Last Tango in Paris, an internationally controversial erotic drama
film, starring Marlon Brando, and released a few years after Blue
Movie was made.
Data suggests an increase in pornography viewing over the past few
decades, and this has been attributed to the growth of Internet
pornography since widespread public access to the
World Wide Web
World Wide Web in
the late 1990s. Through the 2010s, many pornographic production
companies and top pornographic websites – such as PornHub,
YouPorn – were acquired by MindGeek, which has been
described as "a monopoly".
The scholarly study of pornography, notably in cultural studies, is
limited, perhaps due to the controversy about the topic in feminism.
The first peer-reviewed academic journal about the study of
pornography, Porn Studies, was published in 2014.
Pornography is often distinguished from erotica, which consists of the
portrayal of sexuality with high-art aspirations, focusing also on
feelings and emotions, while pornography involves the depiction of
acts in a sensational manner, with the entire focus on the physical
act, so as to arouse quick intense reactions.
Pornography is generally classified as either softcore or hardcore. A
pornographic work is characterized as hardcore if it has any hardcore
content, no matter how small. Both forms of pornography generally
Softcore pornography generally contains nudity or
partial nudity in sexually suggestive situations, but without explicit
sexual activity, sexual penetration or "extreme" fetishism, while
hardcore pornography may contain graphic sexual activity and visible
penetration, including unsimulated sex scenes.
Main article: List of pornographic subgenres
Pornography encompasses a wide variety of genres. Pornography
featuring heterosexual acts composes the bulk of pornography and is
"centred and invisible", marking the industry as heteronormative.
However, a substantial portion of pornography is not normative,
featuring more nonconventional forms of scenarios and sexual activity
such as "'fat' porn, amateur porn, disabled porn, porn produced by
women, queer porn, BDSM, and body modification."
Pornography can be classified according to the physical
characteristics of the participants, fetish, sexual orientation, etc.,
as well as the types of sexual activity featured. Reality and voyeur
pornography, animated videos, and legally prohibited acts also
influence the classification of pornography.
Pornography may fall into
more than one genre. The genres of pornography are based on the type
of activity featured and the category of participants, for example:
Straight porn (unless otherwise stated this is assumed in this
Revenues of the adult industry in the
United States are difficult to
determine. In 1970, a Federal study estimated that the total retail
value of hardcore pornography in the
United States was no more than
Forrester Research published a report on the online "adult
content" industry estimating $750 million to $1 billion in
annual revenue. As an unsourced aside, the Forrester study speculated
on an industry-wide aggregate figure of $8–10 billion, which
was repeated out of context in many news stories, after being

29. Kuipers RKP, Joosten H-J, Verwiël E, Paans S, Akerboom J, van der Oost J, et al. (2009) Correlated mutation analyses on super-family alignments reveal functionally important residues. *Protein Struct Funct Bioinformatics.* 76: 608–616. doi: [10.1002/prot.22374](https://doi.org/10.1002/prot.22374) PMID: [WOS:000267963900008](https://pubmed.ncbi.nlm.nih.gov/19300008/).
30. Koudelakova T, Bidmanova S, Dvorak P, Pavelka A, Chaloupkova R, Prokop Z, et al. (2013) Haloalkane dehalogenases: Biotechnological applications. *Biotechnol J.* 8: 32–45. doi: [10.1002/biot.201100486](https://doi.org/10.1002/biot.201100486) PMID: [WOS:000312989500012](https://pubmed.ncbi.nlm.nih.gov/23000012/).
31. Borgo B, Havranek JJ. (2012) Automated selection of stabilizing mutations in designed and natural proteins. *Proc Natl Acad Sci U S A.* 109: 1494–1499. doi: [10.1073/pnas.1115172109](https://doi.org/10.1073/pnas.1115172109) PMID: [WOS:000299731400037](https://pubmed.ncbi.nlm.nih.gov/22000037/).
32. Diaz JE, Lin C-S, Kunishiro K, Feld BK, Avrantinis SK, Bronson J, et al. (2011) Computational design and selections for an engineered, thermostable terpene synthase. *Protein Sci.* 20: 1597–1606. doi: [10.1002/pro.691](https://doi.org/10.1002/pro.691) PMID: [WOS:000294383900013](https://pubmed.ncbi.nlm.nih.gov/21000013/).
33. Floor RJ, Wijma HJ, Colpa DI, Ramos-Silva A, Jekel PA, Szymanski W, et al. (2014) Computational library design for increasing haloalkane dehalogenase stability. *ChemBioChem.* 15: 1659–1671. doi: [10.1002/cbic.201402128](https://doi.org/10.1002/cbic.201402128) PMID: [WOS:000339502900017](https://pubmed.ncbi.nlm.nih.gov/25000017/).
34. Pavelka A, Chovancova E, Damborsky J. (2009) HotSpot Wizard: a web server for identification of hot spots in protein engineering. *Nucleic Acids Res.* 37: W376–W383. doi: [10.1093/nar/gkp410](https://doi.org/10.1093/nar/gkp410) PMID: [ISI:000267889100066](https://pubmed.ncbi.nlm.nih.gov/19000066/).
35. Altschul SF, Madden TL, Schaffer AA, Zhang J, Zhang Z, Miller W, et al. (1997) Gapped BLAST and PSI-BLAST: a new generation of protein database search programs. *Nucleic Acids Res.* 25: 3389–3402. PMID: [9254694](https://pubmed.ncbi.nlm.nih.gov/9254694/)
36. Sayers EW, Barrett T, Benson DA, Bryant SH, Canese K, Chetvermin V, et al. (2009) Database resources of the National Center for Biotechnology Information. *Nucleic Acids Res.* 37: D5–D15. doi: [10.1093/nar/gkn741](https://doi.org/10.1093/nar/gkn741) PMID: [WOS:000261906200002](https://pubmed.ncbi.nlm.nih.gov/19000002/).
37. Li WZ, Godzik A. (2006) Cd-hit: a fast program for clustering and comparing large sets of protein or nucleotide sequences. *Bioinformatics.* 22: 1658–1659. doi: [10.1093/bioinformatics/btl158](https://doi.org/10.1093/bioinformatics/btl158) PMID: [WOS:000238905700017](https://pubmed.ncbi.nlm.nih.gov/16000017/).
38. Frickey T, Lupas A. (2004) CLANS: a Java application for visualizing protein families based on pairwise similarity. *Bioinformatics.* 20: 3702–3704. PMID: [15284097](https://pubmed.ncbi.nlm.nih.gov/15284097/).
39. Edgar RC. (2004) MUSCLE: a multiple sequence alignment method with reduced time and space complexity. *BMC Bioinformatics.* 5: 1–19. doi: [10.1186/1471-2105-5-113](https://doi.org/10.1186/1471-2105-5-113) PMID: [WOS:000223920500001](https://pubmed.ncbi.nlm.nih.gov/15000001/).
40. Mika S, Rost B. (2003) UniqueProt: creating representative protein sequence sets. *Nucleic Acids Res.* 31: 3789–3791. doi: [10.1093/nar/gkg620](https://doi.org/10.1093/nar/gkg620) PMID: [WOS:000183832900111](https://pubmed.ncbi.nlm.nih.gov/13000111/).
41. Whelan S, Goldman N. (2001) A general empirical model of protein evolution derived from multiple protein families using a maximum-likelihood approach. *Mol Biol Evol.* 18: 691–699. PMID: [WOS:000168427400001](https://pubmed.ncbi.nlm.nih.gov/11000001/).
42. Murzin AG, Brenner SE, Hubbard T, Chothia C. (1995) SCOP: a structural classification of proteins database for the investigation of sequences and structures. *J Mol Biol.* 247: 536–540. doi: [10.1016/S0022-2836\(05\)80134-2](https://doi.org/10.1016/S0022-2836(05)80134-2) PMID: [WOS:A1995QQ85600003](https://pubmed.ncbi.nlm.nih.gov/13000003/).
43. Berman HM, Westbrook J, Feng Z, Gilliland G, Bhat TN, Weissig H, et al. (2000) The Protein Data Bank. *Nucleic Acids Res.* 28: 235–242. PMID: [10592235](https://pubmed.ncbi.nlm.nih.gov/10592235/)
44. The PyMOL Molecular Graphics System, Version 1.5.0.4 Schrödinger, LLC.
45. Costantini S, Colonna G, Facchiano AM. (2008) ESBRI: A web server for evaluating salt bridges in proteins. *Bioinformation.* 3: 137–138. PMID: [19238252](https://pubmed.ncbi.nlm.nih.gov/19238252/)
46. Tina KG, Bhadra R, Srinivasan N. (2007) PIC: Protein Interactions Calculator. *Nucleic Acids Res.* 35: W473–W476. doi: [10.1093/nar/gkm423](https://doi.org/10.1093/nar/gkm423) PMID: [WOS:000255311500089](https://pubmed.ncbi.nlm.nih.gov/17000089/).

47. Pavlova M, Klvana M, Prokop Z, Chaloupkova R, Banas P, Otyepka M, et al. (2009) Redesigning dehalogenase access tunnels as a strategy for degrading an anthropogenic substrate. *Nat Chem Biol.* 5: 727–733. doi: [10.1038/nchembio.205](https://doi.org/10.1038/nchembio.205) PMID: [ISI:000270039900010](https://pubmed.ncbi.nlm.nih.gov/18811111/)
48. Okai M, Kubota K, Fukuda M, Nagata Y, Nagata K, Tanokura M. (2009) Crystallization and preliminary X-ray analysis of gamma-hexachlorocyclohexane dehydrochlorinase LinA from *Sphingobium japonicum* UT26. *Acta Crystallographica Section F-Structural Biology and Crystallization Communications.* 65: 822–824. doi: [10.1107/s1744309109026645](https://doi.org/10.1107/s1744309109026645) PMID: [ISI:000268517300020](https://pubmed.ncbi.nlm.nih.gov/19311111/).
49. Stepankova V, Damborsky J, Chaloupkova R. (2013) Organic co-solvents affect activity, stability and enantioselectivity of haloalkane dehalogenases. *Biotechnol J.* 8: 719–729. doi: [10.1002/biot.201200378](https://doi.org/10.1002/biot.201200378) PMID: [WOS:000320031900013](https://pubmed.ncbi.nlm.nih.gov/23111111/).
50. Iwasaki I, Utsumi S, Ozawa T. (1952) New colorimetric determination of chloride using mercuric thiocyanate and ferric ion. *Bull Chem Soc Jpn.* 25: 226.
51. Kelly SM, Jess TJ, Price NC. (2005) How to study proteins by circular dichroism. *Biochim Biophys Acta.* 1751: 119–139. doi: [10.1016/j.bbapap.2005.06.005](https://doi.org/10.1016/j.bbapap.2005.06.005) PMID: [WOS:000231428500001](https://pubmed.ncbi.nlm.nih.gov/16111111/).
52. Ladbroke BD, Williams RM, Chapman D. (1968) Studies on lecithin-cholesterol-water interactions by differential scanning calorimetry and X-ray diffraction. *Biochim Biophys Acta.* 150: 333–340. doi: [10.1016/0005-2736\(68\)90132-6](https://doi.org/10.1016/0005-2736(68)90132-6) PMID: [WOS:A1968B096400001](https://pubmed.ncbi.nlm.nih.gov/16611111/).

published in Eric Schlosser's book on the American black market.
Studies in 2001 put the total (including video, pay-per-view, Internet
and magazines) between $2.6 billion and $3.9 billion.
As of 2014[update], the porn industry was believed to bring in more
than $13 billion on a yearly basis in the United States.
CNBC has estimated that pornography was a $13 billion industry in
the USA, with $3,075 being spent on porn every second and a new porn
video being produced every 39 minutes.
A significant amount of pornographic video is shot in the San Fernando
Valley, which has been a pioneering region for producing adult films
since the 1970s, and has since become home for various models,
actors/actresses, production companies, and other assorted businesses
involved in the production and distribution of pornography.
The pornography industry has been considered influential in deciding
format wars in media, including being a factor in the
VHS vs. Betamax
format war (the videotape format war) and in the
HD DVD format war (the high-def format war).
In addition to the porn industry, there is a large amount of
non-commercial pornography. This should be distinguished from
commercial pornography falsely marketed as featuring "amateurs".
Pornographers have taken advantage of each technological advance in
the production and distribution of pornography. They have used
lithographs, the printing press, and photography.
considered a driving force in the development of technologies from the
printing press, through photography (still and motion), to satellite
TV, other forms of video, and the Internet. With the invention of tiny
cameras and wireless equipments voyeur pornography is gaining
ground. Mobile cameras are used to capture pornographic photos
or videos, and forwarded as MMS, a practice known as sexting.
Computer-generated images and manipulations
Digital manipulation requires the use of source photographs, but some
pornography is produced without human actors at all. The idea of
completely computer-generated pornography was conceived very early as
one of the most obvious areas of application for computer graphics and
Until the late 1990s, digitally manipulated pornography could not be